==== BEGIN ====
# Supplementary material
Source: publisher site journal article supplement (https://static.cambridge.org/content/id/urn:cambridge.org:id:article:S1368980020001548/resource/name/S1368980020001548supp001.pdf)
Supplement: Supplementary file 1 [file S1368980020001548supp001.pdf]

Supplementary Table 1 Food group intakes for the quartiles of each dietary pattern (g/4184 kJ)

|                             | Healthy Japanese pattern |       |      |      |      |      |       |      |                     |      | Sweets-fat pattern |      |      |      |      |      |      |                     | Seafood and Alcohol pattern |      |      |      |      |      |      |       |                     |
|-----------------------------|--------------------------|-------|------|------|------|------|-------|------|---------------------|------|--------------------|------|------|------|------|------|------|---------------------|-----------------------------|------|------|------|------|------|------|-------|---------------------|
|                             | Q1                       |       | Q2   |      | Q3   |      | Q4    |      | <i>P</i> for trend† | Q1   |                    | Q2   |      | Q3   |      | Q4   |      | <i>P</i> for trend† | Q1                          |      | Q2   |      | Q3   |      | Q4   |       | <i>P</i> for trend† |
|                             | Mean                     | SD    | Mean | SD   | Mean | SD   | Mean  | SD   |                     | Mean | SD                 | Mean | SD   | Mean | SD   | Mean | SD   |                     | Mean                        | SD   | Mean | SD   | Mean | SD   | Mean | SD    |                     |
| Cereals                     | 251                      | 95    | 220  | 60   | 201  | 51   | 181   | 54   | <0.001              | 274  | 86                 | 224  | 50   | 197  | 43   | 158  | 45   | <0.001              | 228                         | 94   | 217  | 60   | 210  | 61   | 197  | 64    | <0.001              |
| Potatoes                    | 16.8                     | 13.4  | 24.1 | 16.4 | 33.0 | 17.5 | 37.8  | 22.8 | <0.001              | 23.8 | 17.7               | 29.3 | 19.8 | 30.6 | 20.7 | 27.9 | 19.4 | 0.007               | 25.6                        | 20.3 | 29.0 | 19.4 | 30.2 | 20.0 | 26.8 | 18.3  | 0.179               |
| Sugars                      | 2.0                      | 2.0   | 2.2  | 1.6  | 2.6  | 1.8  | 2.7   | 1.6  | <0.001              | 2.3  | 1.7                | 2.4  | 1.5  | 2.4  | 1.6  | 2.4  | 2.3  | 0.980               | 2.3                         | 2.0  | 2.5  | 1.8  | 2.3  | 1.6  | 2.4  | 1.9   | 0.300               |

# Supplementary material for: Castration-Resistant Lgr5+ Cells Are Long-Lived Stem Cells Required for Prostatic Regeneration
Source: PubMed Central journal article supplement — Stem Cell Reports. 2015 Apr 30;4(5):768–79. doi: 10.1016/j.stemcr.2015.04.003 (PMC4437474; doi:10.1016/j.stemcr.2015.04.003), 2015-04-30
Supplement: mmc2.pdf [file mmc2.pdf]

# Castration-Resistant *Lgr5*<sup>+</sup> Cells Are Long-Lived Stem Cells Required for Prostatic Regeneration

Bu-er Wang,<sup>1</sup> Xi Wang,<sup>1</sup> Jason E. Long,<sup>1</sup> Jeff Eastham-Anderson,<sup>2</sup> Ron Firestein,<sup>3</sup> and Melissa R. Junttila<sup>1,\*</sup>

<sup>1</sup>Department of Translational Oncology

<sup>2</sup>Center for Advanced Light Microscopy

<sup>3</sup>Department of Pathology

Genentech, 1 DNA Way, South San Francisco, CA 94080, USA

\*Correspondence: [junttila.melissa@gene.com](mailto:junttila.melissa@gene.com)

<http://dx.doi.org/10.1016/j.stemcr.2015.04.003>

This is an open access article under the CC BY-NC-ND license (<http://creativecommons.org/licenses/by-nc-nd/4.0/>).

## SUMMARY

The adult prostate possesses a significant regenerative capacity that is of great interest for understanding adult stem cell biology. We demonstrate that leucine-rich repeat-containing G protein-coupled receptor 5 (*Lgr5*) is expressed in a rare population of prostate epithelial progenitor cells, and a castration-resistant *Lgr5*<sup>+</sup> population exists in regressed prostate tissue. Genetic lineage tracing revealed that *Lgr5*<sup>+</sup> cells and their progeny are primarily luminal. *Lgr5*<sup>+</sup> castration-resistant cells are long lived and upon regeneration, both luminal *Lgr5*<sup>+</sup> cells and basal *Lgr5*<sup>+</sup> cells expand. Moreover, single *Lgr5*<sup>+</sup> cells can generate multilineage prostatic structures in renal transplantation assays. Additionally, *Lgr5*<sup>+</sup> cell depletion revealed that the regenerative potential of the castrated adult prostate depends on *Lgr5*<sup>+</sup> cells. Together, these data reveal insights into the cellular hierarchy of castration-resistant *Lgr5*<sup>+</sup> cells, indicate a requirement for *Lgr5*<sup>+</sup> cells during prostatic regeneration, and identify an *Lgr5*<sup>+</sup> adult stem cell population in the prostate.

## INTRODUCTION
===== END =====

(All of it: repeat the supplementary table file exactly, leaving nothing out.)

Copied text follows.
# Supplementary material
Source: publisher site journal article supplement (https://static.cambridge.org/content/id/urn:cambridge.org:id:article:S1368980020001548/resource/name/S1368980020001548supp001.pdf)
Supplement: Supplementary file 1 [file S1368980020001548supp001.pdf]

Supplementary Table 1 Food group intakes for the quartiles of each dietary pattern (g/4184 kJ)

|                             | Healthy Japanese pattern |       |      |      |      |      |       |      |                     |      | Sweets-fat pattern |      |      |      |      |      |      |                     | Seafood and Alcohol pattern |      |      |      |      |      |      |       |                     |
|-----------------------------|--------------------------|-------|------|------|------|------|-------|------|---------------------|------|--------------------|------|------|------|------|------|------|---------------------|-----------------------------|------|------|------|------|------|------|-------|---------------------|
|                             | Q1                       |       | Q2   |      | Q3   |      | Q4    |      | <i>P</i> for trend† | Q1   |                    | Q2   |      | Q3   |      | Q4   |      | <i>P</i> for trend† | Q1                          |      | Q2   |      | Q3   |      | Q4   |       | <i>P</i> for trend† |
|                             | Mean                     | SD    | Mean | SD   | Mean | SD   | Mean  | SD   |                     | Mean | SD                 | Mean | SD   | Mean | SD   | Mean | SD   |                     | Mean                        | SD   | Mean | SD   | Mean | SD   | Mean | SD    |                     |
| Cereals                     | 251                      | 95    | 220  | 60   | 201  | 51   | 181   | 54   | <0.001              | 274  | 86                 | 224  | 50   | 197  | 43   | 158  | 45   | <0.001              | 228                         | 94   | 217  | 60   | 210  | 61   | 197  | 64    | <0.001              |
| Potatoes                    | 16.8                     | 13.4  | 24.1 | 16.4 | 33.0 | 17.5 | 37.8  | 22.8 | <0.001              | 23.8 | 17.7               | 29.3 | 19.8 | 30.6 | 20.7 | 27.9 | 19.4 | 0.007               | 25.6                        | 20.3 | 29.0 | 19.4 | 30.2 | 20.0 | 26.8 | 18.3  | 0.179               |
| Sugars                      | 2.0                      | 2.0   | 2.2  | 1.6  | 2.6  | 1.8  | 2.7   | 1.6  | <0.001              | 2.3  | 1.7                | 2.4  | 1.5  | 2.4  | 1.6  | 2.4  | 2.3  | 0.980               | 2.3                         | 2.0  | 2.5  | 1.8  | 2.3  | 1.6  | 2.4  | 1.9   | 0.300               |

# Supplementary material for: Castration-Resistant Lgr5+ Cells Are Long-Lived Stem Cells Required for Prostatic Regeneration
Source: PubMed Central journal article supplement — Stem Cell Reports. 2015 Apr 30;4(5):768–79. doi: 10.1016/j.stemcr.2015.04.003 (PMC4437474; doi:10.1016/j.stemcr.2015.04.003), 2015-04-30
Supplement: mmc2.pdf [file mmc2.pdf]

# Castration-Resistant *Lgr5*<sup>+</sup> Cells Are Long-Lived Stem Cells Required for Prostatic Regeneration

Bu-er Wang,<sup>1</sup> Xi Wang,<sup>1</sup> Jason E. Long,<sup>1</sup> Jeff Eastham-Anderson,<sup>2</sup> Ron Firestein,<sup>3</sup> and Melissa R. Junttila<sup>1,\*</sup>

<sup>1</sup>Department of Translational Oncology

<sup>2</sup>Center for Advanced Light Microscopy

<sup>3</sup>Department of Pathology

Genentech, 1 DNA Way, South San Francisco, CA 94080, USA

\*Correspondence: [junttila.melissa@gene.com](mailto:junttila.melissa@gene.com)

<http://dx.doi.org/10.1016/j.stemcr.2015.04.003>

This is an open access article under the CC BY-NC-ND license (<http://creativecommons.org/licenses/by-nc-nd/4.0/>).

## SUMMARY

The adult prostate possesses a significant regenerative capacity that is of great interest for understanding adult stem cell biology. We demonstrate that leucine-rich repeat-containing G protein-coupled receptor 5 (*Lgr5*) is expressed in a rare population of prostate epithelial progenitor cells, and a castration-resistant *Lgr5*<sup>+</sup> population exists in regressed prostate tissue. Genetic lineage tracing revealed that *Lgr5*<sup>+</sup> cells and their progeny are primarily luminal. *Lgr5*<sup>+</sup> castration-resistant cells are long lived and upon regeneration, both luminal *Lgr5*<sup>+</sup> cells and basal *Lgr5*<sup>+</sup> cells expand. Moreover, single *Lgr5*<sup>+</sup> cells can generate multilineage prostatic structures in renal transplantation assays. Additionally, *Lgr5*<sup>+</sup> cell depletion revealed that the regenerative potential of the castrated adult prostate depends on *Lgr5*<sup>+</sup> cells. Together, these data reveal insights into the cellular hierarchy of castration-resistant *Lgr5*<sup>+</sup> cells, indicate a requirement for *Lgr5*<sup>+</sup> cells during prostatic regeneration, and identify an *Lgr5*<sup>+</sup> adult stem cell population in the prostate.

## INTRODUCTION